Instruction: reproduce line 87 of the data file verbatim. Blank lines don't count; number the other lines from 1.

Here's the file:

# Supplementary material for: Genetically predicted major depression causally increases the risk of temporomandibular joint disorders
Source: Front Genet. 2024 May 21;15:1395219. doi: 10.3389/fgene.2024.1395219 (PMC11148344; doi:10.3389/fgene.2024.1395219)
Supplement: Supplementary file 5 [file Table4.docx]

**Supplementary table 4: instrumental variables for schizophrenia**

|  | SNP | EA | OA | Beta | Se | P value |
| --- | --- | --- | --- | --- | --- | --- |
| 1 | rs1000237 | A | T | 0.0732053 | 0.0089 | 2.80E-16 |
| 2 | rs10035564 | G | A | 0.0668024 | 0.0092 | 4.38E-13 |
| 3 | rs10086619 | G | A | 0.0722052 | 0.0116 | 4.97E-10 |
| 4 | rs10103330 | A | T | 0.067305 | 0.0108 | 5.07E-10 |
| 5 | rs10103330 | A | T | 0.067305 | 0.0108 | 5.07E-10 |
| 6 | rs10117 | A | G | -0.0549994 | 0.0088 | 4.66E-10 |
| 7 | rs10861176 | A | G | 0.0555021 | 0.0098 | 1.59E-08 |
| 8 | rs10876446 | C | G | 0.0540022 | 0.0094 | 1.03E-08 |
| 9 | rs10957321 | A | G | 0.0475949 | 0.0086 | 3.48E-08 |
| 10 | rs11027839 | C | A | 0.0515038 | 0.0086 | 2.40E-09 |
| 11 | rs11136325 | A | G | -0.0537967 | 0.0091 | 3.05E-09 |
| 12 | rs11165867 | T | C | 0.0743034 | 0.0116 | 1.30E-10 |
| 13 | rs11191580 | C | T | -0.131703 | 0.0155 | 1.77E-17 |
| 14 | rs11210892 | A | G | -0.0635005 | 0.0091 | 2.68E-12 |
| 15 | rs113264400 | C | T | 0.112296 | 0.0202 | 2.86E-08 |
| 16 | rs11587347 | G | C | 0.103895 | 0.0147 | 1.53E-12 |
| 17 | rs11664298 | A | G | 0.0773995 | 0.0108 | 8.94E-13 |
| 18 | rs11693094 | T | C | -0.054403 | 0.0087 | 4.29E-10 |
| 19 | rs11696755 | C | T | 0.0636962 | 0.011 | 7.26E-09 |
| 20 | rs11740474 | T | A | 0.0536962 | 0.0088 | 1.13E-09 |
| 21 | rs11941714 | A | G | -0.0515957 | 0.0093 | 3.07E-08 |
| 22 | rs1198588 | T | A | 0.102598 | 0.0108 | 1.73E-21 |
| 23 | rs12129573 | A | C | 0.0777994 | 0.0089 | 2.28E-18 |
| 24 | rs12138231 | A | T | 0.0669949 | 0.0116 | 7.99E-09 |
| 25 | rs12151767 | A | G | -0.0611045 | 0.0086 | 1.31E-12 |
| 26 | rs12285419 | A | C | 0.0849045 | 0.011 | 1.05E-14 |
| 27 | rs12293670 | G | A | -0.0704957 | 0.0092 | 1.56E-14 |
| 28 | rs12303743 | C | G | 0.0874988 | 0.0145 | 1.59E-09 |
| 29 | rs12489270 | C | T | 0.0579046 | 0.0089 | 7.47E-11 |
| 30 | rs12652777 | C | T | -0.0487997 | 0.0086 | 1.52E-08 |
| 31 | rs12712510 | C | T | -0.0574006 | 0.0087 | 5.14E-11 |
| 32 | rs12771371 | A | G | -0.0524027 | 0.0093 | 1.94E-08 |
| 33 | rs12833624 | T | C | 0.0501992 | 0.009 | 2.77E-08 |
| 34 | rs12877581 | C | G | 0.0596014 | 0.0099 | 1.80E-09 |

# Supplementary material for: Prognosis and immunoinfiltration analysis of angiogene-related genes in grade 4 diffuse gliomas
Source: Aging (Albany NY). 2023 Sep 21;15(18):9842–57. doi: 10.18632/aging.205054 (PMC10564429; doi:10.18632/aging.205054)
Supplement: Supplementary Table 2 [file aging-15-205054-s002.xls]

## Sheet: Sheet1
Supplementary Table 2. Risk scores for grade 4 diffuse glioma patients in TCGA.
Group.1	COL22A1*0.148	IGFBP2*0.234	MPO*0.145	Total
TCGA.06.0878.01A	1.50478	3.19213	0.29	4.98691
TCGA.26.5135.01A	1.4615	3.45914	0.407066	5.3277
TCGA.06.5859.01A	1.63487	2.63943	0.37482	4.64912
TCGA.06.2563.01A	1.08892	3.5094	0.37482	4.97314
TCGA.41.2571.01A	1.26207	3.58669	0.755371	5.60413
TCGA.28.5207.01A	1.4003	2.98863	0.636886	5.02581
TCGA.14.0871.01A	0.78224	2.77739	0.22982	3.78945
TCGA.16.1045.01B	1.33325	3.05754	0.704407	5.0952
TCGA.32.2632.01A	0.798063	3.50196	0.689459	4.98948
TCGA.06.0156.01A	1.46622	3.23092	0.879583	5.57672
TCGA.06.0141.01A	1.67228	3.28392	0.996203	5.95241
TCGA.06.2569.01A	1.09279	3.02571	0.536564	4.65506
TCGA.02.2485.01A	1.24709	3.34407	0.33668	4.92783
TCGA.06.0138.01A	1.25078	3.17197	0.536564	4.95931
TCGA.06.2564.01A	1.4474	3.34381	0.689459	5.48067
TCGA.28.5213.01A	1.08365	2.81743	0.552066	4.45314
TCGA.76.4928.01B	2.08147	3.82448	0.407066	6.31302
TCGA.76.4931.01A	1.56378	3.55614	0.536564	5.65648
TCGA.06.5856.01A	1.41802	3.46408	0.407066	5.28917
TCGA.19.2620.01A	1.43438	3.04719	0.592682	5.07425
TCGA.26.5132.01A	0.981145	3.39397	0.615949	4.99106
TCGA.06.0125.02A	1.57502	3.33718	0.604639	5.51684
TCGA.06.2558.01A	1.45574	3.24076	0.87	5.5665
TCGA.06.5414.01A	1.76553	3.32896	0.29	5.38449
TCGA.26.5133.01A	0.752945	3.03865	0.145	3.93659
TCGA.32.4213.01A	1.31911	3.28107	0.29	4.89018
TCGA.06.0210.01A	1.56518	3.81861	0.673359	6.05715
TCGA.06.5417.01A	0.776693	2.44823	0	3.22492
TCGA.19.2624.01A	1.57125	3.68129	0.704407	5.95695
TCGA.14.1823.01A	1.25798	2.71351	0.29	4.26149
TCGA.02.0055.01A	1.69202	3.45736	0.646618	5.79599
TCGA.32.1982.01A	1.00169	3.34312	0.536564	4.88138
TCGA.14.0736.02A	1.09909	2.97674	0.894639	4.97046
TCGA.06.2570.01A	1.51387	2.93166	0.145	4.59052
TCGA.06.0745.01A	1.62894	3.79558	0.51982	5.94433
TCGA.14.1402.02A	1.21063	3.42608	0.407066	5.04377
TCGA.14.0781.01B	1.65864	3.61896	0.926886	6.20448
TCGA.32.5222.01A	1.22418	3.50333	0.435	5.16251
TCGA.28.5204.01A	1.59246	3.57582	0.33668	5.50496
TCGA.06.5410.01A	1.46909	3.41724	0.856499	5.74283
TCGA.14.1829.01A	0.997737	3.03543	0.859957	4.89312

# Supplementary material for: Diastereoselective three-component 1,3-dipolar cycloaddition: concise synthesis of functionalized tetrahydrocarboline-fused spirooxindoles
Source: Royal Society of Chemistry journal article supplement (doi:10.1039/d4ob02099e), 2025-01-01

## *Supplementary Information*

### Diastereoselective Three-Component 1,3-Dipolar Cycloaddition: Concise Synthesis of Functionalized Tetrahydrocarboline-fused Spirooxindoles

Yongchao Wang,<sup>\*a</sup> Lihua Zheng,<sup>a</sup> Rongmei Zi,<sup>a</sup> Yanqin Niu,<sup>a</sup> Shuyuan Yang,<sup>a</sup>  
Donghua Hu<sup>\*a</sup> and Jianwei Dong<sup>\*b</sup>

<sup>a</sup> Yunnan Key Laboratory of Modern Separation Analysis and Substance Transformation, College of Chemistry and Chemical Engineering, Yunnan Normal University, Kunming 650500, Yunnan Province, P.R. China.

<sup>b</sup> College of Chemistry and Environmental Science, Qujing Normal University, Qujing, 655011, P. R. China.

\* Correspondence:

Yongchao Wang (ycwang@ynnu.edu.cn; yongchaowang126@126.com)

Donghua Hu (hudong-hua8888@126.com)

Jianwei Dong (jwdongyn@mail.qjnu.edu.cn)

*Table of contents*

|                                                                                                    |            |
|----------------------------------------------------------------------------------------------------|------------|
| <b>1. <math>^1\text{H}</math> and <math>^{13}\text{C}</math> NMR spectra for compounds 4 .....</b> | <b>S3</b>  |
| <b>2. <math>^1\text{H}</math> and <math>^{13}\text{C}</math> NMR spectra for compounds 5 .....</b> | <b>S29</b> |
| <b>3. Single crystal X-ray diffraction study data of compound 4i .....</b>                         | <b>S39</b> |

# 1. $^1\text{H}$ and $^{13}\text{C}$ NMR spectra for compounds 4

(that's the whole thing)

TCGA.14.1829.01A	0.997737	3.03543	0.859957	4.89312